Ashley Beck

In 2013 a colloquium was held at Heythrop College, University of London, entitled ‘Ronald Knox Man for all Seasons’, featuring a number of papers about the influence and writings of the twentieth century Catholic apologist, Bible translator, writer of detective stories and chaplain to Catholic students at Oxford, Monsignor Ronald ‘Ronnie’ Knox. These papers have now been published,1 and one of them asks if we can think of Knox as a theologian. Ashley Beck is Assistant Priest of Beckenham, and Senior Lecturer in Pastoral Ministry at St Mary’s University, Twickenham.

Harold Macmillan’s biographer wrote of Ronald Knox that, as a Catholic, he became ‘the most influential Catholic theologian of his generation.’2 Knox himself would have dismissed this claim: he never studied for a degree in theology or for a doctorate. In both the Anglican and Catholic Churches, he was told to prepare himself for ordination rather than become a seminarian. His biographer Evelyn Waugh remarks:
‘There are those who have said that Ronald subsequently suffered from the lack of a full, formal theological training. Certainly, to the end of his life, he tended to refer theological problems to others, but that was in accordance with his temperament’3

Knox was very self-effacing, and people had a much more rigid idea of what a theologian was than nowadays.

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January-February 2017

Anne Inman

For some time, there has been a significant body of evidence that women were once ordained as deacons in the Christian Church. Anne Inman lectured in Theology at Birkbeck College, London and St Mary’s University, Twickenham

As I write at the end of November 2016, the first round of meetings of the papal commission is taking place, to examine the ministries undertaken by women in the early Church, with particular reference to the diaconate. In the early medieval period, Latin words like ordinare, and ordo were common in connection with the commissioning of women to a variety of ministries. The discussion turns on whether the same words mean something different when applied to a woman. So, for example, a woman is ‘blessed’, while using the same word, a man is ‘ordained’. The way in which the history of the first millennium has been written is littered with examples of the way in which women’s participation in the mission of the Church has been similarly downgraded.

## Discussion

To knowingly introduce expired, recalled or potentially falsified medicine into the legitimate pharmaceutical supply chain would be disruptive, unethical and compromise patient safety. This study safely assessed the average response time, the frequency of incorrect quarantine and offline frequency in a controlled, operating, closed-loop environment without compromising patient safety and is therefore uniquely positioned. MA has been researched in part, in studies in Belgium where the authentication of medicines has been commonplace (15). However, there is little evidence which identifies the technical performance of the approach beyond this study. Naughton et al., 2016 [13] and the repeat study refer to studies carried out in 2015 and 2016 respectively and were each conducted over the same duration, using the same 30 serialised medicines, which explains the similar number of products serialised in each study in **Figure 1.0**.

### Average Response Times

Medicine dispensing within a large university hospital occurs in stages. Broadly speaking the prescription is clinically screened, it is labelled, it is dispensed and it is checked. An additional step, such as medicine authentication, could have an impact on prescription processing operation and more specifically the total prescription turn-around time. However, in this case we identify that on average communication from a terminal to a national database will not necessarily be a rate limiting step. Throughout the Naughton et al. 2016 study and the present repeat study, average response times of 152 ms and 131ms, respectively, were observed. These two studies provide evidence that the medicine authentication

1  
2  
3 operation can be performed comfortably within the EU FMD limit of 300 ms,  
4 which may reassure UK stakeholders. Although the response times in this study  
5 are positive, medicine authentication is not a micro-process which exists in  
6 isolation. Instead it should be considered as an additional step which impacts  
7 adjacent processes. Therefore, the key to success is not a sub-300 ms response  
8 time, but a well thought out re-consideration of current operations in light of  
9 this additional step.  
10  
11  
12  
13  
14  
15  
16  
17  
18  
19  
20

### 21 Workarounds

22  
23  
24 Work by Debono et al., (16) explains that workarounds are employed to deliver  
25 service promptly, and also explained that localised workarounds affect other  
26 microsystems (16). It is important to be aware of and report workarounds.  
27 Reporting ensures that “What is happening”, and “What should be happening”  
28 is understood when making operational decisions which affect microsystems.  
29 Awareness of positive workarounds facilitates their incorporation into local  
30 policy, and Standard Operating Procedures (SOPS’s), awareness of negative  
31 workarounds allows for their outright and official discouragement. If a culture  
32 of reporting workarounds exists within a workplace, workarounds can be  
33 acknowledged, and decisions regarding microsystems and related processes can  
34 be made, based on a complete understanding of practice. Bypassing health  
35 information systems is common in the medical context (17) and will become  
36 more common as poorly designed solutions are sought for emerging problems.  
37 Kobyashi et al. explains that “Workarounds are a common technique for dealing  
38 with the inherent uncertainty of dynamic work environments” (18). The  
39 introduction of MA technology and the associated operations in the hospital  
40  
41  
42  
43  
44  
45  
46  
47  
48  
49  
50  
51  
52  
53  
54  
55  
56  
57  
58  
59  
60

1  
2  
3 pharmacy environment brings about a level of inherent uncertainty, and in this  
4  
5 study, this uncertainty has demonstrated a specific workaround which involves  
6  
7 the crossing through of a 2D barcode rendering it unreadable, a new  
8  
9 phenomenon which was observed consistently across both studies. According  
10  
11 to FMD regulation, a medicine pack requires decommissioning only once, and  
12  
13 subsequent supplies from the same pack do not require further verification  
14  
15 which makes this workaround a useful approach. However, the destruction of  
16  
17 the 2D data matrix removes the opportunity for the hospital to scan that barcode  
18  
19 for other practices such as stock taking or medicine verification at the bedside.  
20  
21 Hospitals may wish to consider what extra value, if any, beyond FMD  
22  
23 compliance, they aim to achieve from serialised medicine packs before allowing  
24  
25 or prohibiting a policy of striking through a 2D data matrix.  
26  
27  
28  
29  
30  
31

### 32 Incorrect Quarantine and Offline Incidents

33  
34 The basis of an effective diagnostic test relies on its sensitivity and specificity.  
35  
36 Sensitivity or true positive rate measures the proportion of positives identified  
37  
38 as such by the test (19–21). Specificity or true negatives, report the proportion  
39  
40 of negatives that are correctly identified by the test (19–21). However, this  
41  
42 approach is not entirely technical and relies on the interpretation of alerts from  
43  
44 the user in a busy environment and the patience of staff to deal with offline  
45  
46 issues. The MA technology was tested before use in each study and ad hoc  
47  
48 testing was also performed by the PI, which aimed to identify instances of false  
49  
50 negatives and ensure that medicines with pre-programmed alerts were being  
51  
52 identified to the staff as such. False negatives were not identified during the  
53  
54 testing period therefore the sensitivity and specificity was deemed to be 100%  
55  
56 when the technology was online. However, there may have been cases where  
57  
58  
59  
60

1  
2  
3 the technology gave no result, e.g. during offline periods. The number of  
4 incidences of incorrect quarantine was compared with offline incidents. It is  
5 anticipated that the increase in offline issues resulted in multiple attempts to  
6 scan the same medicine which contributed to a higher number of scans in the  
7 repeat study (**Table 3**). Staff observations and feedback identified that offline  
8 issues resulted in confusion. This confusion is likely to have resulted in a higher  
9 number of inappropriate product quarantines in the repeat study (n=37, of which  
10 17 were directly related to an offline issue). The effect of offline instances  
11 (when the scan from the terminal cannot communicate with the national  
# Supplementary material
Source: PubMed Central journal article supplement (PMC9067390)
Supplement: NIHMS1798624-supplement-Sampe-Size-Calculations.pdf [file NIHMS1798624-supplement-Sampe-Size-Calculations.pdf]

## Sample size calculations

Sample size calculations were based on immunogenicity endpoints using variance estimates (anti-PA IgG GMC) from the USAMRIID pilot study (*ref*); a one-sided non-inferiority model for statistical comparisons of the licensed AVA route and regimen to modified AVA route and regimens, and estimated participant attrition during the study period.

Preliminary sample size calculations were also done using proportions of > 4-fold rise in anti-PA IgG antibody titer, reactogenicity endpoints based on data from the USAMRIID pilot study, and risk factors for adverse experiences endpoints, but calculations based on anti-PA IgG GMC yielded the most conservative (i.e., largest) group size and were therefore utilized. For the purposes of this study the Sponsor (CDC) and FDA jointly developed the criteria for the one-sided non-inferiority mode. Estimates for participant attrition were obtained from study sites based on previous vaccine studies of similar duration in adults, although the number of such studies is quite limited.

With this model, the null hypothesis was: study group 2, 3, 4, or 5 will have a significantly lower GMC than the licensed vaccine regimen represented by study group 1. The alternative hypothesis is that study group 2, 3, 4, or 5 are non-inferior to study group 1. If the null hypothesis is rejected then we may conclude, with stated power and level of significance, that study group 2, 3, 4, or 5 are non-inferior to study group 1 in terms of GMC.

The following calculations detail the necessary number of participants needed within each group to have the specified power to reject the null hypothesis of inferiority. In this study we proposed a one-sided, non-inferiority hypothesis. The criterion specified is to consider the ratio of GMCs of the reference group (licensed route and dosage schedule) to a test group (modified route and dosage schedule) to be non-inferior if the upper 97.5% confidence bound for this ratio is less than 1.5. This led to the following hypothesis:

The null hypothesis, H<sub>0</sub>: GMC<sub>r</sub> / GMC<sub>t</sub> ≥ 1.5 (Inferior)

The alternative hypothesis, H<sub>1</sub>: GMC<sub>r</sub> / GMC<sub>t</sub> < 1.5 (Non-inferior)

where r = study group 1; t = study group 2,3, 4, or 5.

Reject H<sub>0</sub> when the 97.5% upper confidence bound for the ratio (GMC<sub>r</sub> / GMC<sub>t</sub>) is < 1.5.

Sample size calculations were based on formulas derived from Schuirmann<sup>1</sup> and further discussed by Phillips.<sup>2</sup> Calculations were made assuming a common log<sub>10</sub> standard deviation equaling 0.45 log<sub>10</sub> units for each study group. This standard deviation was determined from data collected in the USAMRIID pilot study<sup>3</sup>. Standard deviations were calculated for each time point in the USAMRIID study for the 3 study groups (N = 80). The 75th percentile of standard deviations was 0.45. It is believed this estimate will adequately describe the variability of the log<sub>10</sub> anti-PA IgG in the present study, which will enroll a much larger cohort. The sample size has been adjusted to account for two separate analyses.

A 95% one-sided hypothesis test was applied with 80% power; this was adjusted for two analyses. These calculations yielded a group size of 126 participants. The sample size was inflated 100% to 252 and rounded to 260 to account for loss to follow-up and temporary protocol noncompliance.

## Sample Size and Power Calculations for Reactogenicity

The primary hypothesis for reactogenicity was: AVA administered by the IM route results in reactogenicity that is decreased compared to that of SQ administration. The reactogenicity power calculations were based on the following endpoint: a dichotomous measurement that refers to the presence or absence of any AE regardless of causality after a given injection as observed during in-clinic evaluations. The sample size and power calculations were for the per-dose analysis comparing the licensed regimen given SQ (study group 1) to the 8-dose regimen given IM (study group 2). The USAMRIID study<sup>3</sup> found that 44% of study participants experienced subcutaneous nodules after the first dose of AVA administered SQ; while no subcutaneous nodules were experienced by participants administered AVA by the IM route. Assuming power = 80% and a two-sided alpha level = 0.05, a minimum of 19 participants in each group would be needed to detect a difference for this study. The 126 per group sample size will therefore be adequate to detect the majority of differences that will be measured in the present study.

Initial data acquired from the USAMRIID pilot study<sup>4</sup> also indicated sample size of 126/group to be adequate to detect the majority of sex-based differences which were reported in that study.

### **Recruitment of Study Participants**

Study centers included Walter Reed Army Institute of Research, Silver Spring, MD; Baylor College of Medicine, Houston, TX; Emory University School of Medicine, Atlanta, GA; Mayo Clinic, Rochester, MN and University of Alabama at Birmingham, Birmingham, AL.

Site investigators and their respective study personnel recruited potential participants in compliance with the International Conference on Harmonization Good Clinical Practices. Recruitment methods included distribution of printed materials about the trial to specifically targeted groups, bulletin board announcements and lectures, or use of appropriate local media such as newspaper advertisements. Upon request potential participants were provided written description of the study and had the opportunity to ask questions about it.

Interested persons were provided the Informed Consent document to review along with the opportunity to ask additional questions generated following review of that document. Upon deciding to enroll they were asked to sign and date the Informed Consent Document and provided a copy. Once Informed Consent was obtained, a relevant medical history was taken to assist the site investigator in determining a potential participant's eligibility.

Women’s ordination and hierarchy
To be ‘ordained’ in the proper sense, traditionally there must be the laying on of hands. Norman Tanner compares Canon 19 of the Council of Nicea, 325, with Canon 15 of the Council of Chalcedon of 451:

Canon 19 regulates, among various matters, the role of deaconesses.

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January-February 2017

Daniel Ang

This is the first of two articles based on the keynote address at the PROCLAIM 2016 Conference of the Catholic Diocese of Broken Bay in Sydney, on behalf of the Australian Catholic Bishops’ Conference. It explores principles for parish renewal through sharing the evolving experience of parish life in the Australian context. Daniel Ang is director for the Office of Evangelization in the Diocese of Broken Bay, Australia.

On 24 November 1999, on a drizzly Wednesday evening, I was baptised and confirmed in a parish in the north-western suburbs of Sydney. Heralding from a family of Buddhist and Taoist heritage, I entered the Church at the age of twenty, gathered with a priest, sponsor, fellow catechumens and a mixed group of close friends, mostly of no religious background. A small but powerful group had accompanied me through the process of initiation and I was fully conscious and grateful for the fact that in God and this community I had been granted something which I would spend the rest of my life learning to be faithful to, learning to enter into, learning to trust.